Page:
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Leveraging Scientific Advances to Strengthen the Implementation, Evaluation, and Impacts of Intervention Programs for Children Experiencing Early Life Adversity

Award Date: 01/2024
PI: Danielle Roubinov, PhD
Adversity exposure in childhood is one of the most significant predictors of poor health and development. Early trauma impacts children’s stress-sensitive biological systems, resulting in “wear and tear” on the body, with effects that may persist across the life course. With partners from the UNC Child Medical Evaluation Program ( and Center for Child and Family Health (, this project will deliver an evidence-based intervention to children and their families who have been exposed to adversity. Before and after treatment, we will collect non-invasive measures of children’s stress functioning to understand how treatments may “repair” the biological harms of adversity exposure and explore factors that make some children more likely to respond to treatment.

mother talking to upset childSupporting Healthy Individuals through Nurturing Environments

Award Date: 12/2023
PI: Danielle Roubinov, PhD
Children whose parents were exposed to severe trauma – including sexual violence – are at elevated risk for posttraumatic stress disorder. Current research on trauma is narrowly siloed into two categories: 1) research on adult trauma exposure and its effects on adult mental health 2) research on child trauma exposure and its effects on child mental health. Scarce research bridges these two literatures to examine how exposure to parental trauma impacts parenting and mental health risk in offspring. The present study will recruit 100 mother-child dyads consisting of an adult woman who received emergency care after sexual assault and her offspring ages 8-14 years. Families will be followed for 6 months and will provide data on parent and child mental health, coping, parenting, and other aspects of the family environment. Results will be used to identify modifiable risk factors for youth mental health problems after caregivers are exposed to traumatic stress and develop prevention and intervention programs.

school counselor talking with teenage girl in a libraryCharacterizing the Nature and Scope of School-Based Behavioral Health across the 10 Health Resources and Services Administration (HRSA) Regions in the US

Award Date: 10/2023
PI: Nate Sowa, MD, PhD; Danielle Roubinov, PhD
School-based behavioral health (SBBH) has been proposed as a strategy to address the inadequate supply of youth mental health services; however, little is known about the characteristics and workforce of statewide SBBH programs and variations across the U.S. The purpose of this project is to explore the following characteristics of SBBH across 10 HRSA-defined regions in the US: presence/absence, how care is delivered (in-person, virtual, hybrid), by whom (psychologists, psychiatrists, LCSWs), and funding source(s).

female doctor talking to female teenager in examination roomImplementing and Evaluating a New Evidence-Based Intervention for Youth Anxiety and Depression into a Pediatric Primary Care Setting

Award Date: 09/2023
PI: Danielle Roubinov, PhD
Child and adolescent mood and anxiety disorders are common and there is a shortage of trained mental health care providers who can provide care. Brief, research-backed programs that are delivered in primary care settings can increase access to effective services. A brief intervention may be a “stand alone” approach to treating symptoms, or may the first step before more intensive care is delivered. First Approach Skills Training (FAST) is a suite of brief interventions that have been adapted from longer evidence-based programs to treat pediatric anxiety and depression. In partnership with two UNC pediatric primary care clinics we are conducting a proof-of-concept study to test the feasibilty and preliminary effects of FAST for anxiety (FAST-A) and depression (FAST-D). Results will be used to refine and expand FAST programs to other settings within and outside of UNC.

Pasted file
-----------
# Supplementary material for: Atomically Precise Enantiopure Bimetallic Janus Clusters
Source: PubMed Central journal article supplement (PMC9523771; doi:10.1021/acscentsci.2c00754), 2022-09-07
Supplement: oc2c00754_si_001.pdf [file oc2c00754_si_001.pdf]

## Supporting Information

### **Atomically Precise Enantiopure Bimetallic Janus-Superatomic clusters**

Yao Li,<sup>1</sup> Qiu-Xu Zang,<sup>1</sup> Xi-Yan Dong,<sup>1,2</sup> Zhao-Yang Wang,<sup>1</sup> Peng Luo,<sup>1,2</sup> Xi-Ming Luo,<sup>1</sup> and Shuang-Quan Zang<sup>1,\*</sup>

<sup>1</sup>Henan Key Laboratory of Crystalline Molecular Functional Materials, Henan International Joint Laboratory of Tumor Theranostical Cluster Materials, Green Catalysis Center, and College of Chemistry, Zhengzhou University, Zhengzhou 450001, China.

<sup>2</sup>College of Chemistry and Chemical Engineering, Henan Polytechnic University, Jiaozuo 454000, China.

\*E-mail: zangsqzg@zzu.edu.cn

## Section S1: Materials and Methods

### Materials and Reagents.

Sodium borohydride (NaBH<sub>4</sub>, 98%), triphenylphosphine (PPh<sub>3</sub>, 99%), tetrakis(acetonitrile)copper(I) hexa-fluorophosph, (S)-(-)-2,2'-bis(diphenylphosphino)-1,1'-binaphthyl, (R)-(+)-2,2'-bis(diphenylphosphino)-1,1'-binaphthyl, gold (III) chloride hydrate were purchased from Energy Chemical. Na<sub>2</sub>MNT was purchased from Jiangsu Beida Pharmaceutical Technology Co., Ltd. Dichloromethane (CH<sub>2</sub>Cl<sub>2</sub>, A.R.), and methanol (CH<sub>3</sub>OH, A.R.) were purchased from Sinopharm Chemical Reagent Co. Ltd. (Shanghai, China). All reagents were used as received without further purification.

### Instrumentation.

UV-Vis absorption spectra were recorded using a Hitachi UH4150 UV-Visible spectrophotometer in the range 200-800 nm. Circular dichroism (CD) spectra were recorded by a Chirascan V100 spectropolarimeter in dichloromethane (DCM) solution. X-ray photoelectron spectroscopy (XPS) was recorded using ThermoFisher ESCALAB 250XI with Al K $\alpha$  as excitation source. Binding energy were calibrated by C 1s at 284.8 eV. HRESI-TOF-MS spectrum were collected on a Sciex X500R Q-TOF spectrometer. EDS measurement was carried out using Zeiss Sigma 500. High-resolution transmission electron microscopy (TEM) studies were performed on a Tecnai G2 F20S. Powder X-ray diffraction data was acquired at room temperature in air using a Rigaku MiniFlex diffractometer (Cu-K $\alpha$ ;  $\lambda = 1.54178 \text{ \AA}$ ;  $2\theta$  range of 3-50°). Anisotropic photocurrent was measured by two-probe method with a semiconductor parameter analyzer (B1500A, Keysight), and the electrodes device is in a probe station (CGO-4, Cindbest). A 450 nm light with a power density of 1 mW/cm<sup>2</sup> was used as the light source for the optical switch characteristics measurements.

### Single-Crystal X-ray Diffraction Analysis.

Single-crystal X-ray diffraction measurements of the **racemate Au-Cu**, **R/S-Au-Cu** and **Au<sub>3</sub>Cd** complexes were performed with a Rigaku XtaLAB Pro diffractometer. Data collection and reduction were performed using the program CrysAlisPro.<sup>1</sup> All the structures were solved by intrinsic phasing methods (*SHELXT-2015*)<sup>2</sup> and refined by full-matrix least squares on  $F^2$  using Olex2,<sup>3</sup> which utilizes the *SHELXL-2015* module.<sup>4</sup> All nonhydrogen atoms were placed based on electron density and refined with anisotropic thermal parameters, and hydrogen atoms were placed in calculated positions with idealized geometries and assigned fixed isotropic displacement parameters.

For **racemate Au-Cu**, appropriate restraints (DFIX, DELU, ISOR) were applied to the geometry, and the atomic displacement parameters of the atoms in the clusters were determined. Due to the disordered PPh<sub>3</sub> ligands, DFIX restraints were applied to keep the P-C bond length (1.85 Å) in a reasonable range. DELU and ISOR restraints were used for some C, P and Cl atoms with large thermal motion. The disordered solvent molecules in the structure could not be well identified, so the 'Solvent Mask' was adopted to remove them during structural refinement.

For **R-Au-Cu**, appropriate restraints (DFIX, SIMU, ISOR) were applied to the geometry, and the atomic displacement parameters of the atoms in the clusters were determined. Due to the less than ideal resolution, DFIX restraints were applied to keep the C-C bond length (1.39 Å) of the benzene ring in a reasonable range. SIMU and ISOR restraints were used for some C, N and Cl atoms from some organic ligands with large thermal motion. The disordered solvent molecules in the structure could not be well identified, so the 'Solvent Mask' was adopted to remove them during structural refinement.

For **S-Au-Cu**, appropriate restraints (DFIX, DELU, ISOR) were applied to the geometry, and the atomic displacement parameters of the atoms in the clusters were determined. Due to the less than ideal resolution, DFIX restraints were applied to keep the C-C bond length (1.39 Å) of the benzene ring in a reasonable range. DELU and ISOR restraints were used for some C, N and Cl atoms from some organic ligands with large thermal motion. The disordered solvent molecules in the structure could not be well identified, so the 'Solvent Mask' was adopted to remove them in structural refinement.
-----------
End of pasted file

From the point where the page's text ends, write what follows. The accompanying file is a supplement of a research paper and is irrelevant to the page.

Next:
Learn more information about the FAST program.

Does Social Motivation in Adolescence Differentially Predict the Impact of Childhood Threat Exposure on Developing Suicidal Thoughts and Behaviors?

Award Date: 09/2023
PI: Andrea Pelletier-Baldelli, PhD
Childhood threat exposure (e.g., family/community violence) is a key risk factor for developing suicidal thoughts and behaviors; yet, not all adolescents with childhood threat exposure develop these symptoms. Disruptions to social motivation – the motivations driving the desire and effort to socially interact – may play a role in differentiating suicide risk. The current study will identify whether maladaptive social motivation presentations during adolescence moderate the link between childhood threat exposure and suicidal thoughts/behaviors in an effort to improve risk identification and mechanistic targets for interventions.

Autistic Adults and other Stakeholders Engage Together – Suicide Prevention

Award Date: 08/2022
PI: Shari Jager-Hyman, PhD; Danielle Roubinov, PhD
Suicide is the second leading cause of death among young people. Autistic individuals are at elevated risk for experiencing suicidal ideation and are more likely to die by suicide as compared to the general population. This multi-site cluster radnomized controlled trial compares the effectiveness of two tailored approaches to suicide prevention among autistic youth: SPI-A delivered in a single encounter and SPI-A+, a multi-component intervention.

Learn more information about this project.